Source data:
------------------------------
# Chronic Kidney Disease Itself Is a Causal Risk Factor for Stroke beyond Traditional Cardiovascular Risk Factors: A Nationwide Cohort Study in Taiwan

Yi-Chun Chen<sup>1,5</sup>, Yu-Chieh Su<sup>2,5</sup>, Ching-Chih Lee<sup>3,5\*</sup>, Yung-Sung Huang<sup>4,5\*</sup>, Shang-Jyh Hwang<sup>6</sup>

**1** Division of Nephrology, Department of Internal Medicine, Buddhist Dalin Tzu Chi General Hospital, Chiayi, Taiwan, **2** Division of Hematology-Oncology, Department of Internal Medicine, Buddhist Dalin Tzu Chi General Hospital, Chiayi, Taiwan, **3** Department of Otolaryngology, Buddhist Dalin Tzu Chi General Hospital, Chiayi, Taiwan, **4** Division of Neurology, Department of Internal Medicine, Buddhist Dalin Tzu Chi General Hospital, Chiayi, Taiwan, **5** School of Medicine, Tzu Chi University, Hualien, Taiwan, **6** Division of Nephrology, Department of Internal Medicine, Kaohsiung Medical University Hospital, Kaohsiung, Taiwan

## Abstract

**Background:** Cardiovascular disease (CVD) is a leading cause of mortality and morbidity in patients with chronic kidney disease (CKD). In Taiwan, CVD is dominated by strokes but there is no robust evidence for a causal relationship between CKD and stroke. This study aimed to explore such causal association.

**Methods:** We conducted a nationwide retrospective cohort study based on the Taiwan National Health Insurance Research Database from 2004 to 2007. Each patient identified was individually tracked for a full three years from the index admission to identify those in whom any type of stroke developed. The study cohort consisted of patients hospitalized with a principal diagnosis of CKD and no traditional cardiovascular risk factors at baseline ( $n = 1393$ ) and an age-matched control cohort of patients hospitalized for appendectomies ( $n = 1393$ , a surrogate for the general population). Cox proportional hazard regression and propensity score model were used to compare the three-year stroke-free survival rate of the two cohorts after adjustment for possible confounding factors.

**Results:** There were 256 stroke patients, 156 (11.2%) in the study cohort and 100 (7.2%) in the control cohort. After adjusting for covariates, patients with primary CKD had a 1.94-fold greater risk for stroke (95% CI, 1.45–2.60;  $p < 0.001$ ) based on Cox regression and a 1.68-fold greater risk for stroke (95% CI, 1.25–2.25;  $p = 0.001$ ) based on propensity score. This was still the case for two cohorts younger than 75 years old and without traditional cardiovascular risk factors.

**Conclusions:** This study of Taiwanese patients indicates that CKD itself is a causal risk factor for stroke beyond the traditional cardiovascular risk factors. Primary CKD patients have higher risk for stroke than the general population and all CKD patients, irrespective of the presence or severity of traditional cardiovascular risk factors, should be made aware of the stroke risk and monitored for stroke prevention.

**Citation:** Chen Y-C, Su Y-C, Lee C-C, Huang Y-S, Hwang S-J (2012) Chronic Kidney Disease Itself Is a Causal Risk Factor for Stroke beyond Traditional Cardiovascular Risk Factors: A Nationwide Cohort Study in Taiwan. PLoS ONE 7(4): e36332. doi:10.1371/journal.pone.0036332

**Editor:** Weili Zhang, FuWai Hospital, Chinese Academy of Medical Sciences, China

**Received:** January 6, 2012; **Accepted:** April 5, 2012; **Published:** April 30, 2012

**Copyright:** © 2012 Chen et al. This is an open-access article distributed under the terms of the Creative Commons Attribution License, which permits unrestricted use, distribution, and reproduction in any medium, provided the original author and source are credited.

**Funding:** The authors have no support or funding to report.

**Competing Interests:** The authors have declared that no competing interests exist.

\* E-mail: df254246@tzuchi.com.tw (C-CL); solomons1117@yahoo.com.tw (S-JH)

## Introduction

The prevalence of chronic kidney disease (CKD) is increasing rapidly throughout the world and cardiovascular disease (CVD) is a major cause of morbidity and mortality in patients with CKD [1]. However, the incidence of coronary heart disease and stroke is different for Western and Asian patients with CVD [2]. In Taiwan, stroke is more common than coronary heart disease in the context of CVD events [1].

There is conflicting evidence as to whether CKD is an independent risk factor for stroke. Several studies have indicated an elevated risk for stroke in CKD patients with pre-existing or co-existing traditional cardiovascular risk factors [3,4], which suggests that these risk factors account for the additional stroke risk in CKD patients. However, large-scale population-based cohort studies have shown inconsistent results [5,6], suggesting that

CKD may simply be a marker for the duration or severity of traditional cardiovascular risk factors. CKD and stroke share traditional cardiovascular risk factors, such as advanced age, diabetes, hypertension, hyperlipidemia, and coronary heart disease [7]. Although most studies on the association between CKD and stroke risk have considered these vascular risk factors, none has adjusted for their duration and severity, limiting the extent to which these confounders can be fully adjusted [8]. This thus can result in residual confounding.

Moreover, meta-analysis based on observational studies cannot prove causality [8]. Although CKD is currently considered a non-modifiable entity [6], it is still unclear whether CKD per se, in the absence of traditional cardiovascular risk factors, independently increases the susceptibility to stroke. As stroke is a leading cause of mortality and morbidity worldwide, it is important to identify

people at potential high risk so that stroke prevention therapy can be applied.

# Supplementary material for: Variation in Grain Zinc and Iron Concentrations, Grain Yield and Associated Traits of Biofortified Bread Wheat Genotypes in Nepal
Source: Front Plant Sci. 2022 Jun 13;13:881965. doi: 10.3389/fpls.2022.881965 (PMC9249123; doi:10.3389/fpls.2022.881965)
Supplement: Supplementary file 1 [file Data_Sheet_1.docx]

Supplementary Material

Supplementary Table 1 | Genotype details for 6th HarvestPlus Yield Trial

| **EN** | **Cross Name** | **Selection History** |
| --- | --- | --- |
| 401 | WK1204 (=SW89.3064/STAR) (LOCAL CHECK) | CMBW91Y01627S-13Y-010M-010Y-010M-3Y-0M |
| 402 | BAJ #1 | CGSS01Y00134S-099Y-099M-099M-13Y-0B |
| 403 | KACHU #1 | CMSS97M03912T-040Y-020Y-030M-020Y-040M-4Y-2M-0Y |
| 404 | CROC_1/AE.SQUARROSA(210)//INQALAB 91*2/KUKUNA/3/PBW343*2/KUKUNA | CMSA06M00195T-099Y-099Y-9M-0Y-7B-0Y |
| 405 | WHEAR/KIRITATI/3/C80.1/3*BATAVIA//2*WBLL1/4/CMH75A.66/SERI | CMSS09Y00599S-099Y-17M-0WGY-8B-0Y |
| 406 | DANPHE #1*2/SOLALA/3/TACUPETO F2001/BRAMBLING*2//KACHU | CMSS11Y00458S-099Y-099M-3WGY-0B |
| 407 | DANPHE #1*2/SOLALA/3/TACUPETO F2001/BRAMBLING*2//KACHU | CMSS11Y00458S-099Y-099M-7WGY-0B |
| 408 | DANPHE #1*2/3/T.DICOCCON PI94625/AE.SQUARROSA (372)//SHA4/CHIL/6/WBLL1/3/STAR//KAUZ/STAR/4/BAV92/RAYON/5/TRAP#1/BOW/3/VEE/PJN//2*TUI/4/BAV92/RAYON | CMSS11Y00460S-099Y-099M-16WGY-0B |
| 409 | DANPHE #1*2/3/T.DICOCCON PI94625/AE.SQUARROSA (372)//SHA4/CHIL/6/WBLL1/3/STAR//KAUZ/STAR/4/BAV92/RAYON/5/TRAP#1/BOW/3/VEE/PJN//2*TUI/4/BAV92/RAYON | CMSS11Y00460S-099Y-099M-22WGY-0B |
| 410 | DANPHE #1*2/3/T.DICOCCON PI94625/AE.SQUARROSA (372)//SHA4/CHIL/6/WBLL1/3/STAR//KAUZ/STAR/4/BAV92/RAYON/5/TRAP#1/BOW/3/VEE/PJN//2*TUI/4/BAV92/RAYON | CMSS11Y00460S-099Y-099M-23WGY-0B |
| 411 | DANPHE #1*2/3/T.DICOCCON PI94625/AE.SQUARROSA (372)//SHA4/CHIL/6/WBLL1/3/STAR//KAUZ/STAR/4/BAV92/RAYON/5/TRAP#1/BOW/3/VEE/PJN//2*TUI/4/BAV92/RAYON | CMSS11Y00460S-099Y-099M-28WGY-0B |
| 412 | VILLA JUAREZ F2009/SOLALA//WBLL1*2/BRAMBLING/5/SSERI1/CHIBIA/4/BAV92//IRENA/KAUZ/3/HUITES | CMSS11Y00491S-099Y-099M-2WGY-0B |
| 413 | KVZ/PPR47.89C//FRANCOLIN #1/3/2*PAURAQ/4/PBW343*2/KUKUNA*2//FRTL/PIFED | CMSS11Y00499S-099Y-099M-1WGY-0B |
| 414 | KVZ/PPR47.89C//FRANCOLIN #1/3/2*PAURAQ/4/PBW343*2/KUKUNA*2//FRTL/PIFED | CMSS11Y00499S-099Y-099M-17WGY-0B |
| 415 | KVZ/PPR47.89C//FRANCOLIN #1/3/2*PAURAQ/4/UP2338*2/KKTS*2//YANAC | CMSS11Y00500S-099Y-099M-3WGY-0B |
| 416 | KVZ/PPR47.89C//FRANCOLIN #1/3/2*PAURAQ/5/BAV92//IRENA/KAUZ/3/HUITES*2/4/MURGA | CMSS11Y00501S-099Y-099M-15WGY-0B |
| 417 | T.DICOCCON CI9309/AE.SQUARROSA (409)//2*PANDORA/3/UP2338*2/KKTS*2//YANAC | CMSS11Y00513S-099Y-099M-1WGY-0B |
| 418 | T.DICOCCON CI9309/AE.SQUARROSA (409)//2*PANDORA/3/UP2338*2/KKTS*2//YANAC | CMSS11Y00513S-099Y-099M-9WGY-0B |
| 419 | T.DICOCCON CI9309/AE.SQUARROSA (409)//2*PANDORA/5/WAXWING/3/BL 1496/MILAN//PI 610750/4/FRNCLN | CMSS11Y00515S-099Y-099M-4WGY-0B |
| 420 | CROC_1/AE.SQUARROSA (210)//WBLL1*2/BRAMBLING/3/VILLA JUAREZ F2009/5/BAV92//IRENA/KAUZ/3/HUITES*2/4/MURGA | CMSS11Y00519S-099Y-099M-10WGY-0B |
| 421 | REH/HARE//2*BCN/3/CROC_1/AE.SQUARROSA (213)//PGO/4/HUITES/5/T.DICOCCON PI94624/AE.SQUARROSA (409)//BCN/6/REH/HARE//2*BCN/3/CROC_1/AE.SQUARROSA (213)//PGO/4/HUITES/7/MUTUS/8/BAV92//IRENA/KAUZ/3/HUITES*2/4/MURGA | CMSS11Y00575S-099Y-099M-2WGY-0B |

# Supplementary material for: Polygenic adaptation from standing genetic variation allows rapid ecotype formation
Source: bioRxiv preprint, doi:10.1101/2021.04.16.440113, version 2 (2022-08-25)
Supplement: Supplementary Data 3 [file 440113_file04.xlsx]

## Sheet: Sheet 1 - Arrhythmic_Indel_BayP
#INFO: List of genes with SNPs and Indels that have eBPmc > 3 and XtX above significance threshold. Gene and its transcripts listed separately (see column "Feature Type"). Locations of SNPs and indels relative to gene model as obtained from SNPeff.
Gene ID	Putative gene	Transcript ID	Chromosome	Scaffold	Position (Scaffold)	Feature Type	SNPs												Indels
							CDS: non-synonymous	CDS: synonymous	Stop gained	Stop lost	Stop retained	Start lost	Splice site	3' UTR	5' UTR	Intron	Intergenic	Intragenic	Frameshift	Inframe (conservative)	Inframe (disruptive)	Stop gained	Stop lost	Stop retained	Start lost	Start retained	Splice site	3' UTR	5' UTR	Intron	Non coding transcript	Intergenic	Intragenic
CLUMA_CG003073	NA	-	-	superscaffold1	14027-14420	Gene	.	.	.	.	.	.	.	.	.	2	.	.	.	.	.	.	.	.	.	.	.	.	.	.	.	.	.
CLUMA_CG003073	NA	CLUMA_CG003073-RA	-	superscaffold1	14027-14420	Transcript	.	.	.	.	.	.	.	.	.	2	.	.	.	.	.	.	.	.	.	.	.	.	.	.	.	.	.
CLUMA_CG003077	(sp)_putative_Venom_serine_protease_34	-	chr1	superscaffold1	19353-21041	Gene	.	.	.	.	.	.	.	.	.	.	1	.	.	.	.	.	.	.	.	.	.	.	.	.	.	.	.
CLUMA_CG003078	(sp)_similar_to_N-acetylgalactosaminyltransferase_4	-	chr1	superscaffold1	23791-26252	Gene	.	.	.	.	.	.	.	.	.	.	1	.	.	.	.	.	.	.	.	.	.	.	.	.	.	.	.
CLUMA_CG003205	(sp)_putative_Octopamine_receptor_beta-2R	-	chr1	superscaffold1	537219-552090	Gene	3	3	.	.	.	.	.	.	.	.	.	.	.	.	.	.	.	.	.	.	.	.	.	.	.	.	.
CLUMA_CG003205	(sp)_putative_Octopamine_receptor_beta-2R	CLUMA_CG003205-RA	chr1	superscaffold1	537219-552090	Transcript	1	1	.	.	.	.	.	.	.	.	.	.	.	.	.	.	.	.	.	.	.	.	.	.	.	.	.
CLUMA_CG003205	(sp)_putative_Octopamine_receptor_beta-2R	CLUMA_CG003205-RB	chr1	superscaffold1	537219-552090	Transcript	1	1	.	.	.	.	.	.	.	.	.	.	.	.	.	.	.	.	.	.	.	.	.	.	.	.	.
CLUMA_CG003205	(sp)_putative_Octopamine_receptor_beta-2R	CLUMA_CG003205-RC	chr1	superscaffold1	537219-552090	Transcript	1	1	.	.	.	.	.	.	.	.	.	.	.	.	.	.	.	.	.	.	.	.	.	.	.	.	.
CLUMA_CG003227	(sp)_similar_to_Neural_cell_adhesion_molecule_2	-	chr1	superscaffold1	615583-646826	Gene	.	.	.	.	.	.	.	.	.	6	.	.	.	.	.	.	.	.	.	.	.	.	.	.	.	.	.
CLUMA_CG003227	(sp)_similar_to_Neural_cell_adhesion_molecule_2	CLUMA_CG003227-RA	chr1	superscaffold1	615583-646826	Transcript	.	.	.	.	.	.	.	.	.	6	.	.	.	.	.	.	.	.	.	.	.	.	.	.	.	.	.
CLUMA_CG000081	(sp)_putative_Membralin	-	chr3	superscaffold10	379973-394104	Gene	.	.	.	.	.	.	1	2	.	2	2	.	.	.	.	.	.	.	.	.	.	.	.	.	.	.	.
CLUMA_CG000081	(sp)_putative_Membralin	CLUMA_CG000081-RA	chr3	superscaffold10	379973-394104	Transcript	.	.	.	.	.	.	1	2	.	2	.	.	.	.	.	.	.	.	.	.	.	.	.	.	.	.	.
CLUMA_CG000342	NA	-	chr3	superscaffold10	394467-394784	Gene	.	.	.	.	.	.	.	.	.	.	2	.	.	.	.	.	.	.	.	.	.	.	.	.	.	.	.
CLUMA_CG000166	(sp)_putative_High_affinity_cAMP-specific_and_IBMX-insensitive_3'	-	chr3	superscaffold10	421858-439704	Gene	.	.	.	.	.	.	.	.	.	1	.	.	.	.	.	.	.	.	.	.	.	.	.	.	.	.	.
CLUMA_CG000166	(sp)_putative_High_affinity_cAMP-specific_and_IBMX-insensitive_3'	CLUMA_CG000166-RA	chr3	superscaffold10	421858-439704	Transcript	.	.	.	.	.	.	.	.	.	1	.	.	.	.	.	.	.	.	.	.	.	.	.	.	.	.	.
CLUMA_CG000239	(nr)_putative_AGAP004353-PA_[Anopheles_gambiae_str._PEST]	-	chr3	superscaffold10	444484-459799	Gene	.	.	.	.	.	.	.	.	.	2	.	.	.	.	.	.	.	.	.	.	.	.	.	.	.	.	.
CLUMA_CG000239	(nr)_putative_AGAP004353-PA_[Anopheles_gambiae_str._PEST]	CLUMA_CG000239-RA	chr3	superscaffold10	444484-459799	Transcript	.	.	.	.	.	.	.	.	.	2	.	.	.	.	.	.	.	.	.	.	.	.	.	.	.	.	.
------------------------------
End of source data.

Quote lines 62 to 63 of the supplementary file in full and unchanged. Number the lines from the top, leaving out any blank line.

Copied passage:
CLUMA_CG003205	(sp)_putative_Octopamine_receptor_beta-2R	CLUMA_CG003205-RA	chr1	superscaffold1	537219-552090	Transcript	1	1	.	.	.	.	.	.	.	.	.	.	.	.	.	.	.	.	.	.	.	.	.	.	.	.	.
CLUMA_CG003205	(sp)_putative_Octopamine_receptor_beta-2R	CLUMA_CG003205-RB	chr1	superscaffold1	537219-552090	Transcript	1	1	.	.	.	.	.	.	.	.	.	.	.	.	.	.	.	.	.	.	.	.	.	.	.	.	.